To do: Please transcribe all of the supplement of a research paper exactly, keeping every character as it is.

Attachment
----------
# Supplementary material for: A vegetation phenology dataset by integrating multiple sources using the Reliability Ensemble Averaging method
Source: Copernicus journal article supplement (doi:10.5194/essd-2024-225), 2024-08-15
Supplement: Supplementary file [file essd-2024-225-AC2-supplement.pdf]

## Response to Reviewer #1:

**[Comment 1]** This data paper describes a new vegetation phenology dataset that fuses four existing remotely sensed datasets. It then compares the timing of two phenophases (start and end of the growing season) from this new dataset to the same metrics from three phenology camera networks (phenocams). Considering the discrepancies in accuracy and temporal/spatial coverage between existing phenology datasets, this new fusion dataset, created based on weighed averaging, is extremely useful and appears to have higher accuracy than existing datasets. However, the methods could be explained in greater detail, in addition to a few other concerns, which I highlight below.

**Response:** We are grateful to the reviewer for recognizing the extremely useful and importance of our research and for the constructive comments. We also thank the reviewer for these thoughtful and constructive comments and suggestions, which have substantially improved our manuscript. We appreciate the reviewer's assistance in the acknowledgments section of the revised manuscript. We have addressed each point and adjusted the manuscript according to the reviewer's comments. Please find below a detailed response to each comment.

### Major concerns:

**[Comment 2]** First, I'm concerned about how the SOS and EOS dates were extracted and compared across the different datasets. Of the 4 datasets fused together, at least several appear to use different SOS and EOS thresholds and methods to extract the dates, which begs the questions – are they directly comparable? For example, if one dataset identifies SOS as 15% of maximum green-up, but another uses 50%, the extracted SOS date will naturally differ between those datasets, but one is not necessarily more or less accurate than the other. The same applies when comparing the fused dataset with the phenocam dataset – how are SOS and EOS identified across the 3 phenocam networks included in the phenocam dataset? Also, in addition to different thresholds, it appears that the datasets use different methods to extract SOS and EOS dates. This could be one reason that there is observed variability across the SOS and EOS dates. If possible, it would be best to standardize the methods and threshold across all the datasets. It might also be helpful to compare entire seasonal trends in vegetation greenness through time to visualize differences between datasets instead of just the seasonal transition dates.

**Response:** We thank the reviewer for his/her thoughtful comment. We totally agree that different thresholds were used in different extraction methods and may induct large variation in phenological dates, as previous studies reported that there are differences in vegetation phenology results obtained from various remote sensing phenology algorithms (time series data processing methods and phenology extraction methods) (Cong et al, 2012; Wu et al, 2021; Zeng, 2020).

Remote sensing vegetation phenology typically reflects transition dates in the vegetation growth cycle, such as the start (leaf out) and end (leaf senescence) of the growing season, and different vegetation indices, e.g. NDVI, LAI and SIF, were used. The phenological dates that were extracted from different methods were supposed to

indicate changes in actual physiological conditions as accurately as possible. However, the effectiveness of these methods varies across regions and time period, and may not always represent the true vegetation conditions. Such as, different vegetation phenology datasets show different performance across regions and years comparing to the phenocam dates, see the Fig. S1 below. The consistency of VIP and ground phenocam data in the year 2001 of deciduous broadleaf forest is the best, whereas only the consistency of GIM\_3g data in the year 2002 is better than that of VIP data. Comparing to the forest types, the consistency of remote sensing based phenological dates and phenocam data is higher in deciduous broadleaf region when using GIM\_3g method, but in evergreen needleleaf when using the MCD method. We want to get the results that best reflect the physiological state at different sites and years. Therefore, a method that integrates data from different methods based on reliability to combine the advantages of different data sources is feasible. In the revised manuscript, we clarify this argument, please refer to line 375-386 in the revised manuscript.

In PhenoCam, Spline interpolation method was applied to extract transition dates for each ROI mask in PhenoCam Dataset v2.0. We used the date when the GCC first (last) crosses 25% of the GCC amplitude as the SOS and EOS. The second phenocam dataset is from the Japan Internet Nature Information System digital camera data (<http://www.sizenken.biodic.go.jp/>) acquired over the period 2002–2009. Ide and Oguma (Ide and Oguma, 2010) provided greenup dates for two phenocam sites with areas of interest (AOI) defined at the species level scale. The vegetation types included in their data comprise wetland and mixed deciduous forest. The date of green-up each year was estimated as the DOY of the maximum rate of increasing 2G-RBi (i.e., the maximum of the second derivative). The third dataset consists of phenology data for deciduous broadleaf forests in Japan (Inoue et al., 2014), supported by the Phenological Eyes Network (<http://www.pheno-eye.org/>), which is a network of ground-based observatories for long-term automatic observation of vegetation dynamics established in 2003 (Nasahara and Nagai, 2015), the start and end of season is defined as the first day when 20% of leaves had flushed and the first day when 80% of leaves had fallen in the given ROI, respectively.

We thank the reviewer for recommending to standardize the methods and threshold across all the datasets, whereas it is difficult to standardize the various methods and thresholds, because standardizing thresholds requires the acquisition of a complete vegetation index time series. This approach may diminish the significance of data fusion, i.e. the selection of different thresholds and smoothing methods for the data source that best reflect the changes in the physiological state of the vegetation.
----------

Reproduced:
# Supplementary material for: A vegetation phenology dataset by integrating multiple sources using the Reliability Ensemble Averaging method
Source: Copernicus journal article supplement (doi:10.5194/essd-2024-225), 2024-08-15
Supplement: Supplementary file [file essd-2024-225-AC2-supplement.pdf]

## Response to Reviewer #1:

**[Comment 1]** This data paper describes a new vegetation phenology dataset that fuses four existing remotely sensed datasets. It then compares the timing of two phenophases (start and end of the growing season) from this new dataset to the same metrics from three phenology camera networks (phenocams). Considering the discrepancies in accuracy and temporal/spatial coverage between existing phenology datasets, this new fusion dataset, created based on weighed averaging, is extremely useful and appears to have higher accuracy than existing datasets. However, the methods could be explained in greater detail, in addition to a few other concerns, which I highlight below.

**Response:** We are grateful to the reviewer for recognizing the extremely useful and importance of our research and for the constructive comments. We also thank the reviewer for these thoughtful and constructive comments and suggestions, which have substantially improved our manuscript. We appreciate the reviewer's assistance in the acknowledgments section of the revised manuscript. We have addressed each point and adjusted the manuscript according to the reviewer's comments. Please find below a detailed response to each comment.

### Major concerns:

**[Comment 2]** First, I'm concerned about how the SOS and EOS dates were extracted and compared across the different datasets. Of the 4 datasets fused together, at least several appear to use different SOS and EOS thresholds and methods to extract the dates, which begs the questions – are they directly comparable? For example, if one dataset identifies SOS as 15% of maximum green-up, but another uses 50%, the extracted SOS date will naturally differ between those datasets, but one is not necessarily more or less accurate than the other. The same applies when comparing the fused dataset with the phenocam dataset – how are SOS and EOS identified across the 3 phenocam networks included in the phenocam dataset? Also, in addition to different thresholds, it appears that the datasets use different methods to extract SOS and EOS dates. This could be one reason that there is observed variability across the SOS and EOS dates. If possible, it would be best to standardize the methods and threshold across all the datasets. It might also be helpful to compare entire seasonal trends in vegetation greenness through time to visualize differences between datasets instead of just the seasonal transition dates.

**Response:** We thank the reviewer for his/her thoughtful comment. We totally agree that different thresholds were used in different extraction methods and may induct large variation in phenological dates, as previous studies reported that there are differences in vegetation phenology results obtained from various remote sensing phenology algorithms (time series data processing methods and phenology extraction methods) (Cong et al, 2012; Wu et al, 2021; Zeng, 2020).

Remote sensing vegetation phenology typically reflects transition dates in the vegetation growth cycle, such as the start (leaf out) and end (leaf senescence) of the growing season, and different vegetation indices, e.g. NDVI, LAI and SIF, were used. The phenological dates that were extracted from different methods were supposed to

indicate changes in actual physiological conditions as accurately as possible. However, the effectiveness of these methods varies across regions and time period, and may not always represent the true vegetation conditions. Such as, different vegetation phenology datasets show different performance across regions and years comparing to the phenocam dates, see the Fig. S1 below. The consistency of VIP and ground phenocam data in the year 2001 of deciduous broadleaf forest is the best, whereas only the consistency of GIM\_3g data in the year 2002 is better than that of VIP data. Comparing to the forest types, the consistency of remote sensing based phenological dates and phenocam data is higher in deciduous broadleaf region when using GIM\_3g method, but in evergreen needleleaf when using the MCD method. We want to get the results that best reflect the physiological state at different sites and years. Therefore, a method that integrates data from different methods based on reliability to combine the advantages of different data sources is feasible. In the revised manuscript, we clarify this argument, please refer to line 375-386 in the revised manuscript.

In PhenoCam, Spline interpolation method was applied to extract transition dates for each ROI mask in PhenoCam Dataset v2.0. We used the date when the GCC first (last) crosses 25% of the GCC amplitude as the SOS and EOS. The second phenocam dataset is from the Japan Internet Nature Information System digital camera data (<http://www.sizenken.biodic.go.jp/>) acquired over the period 2002–2009. Ide and Oguma (Ide and Oguma, 2010) provided greenup dates for two phenocam sites with areas of interest (AOI) defined at the species level scale. The vegetation types included in their data comprise wetland and mixed deciduous forest. The date of green-up each year was estimated as the DOY of the maximum rate of increasing 2G-RBi (i.e., the maximum of the second derivative). The third dataset consists of phenology data for deciduous broadleaf forests in Japan (Inoue et al., 2014), supported by the Phenological Eyes Network (<http://www.pheno-eye.org/>), which is a network of ground-based observatories for long-term automatic observation of vegetation dynamics established in 2003 (Nasahara and Nagai, 2015), the start and end of season is defined as the first day when 20% of leaves had flushed and the first day when 80% of leaves had fallen in the given ROI, respectively.

We thank the reviewer for recommending to standardize the methods and threshold across all the datasets, whereas it is difficult to standardize the various methods and thresholds, because standardizing thresholds requires the acquisition of a complete vegetation index time series. This approach may diminish the significance of data fusion, i.e. the selection of different thresholds and smoothing methods for the data source that best reflect the changes in the physiological state of the vegetation.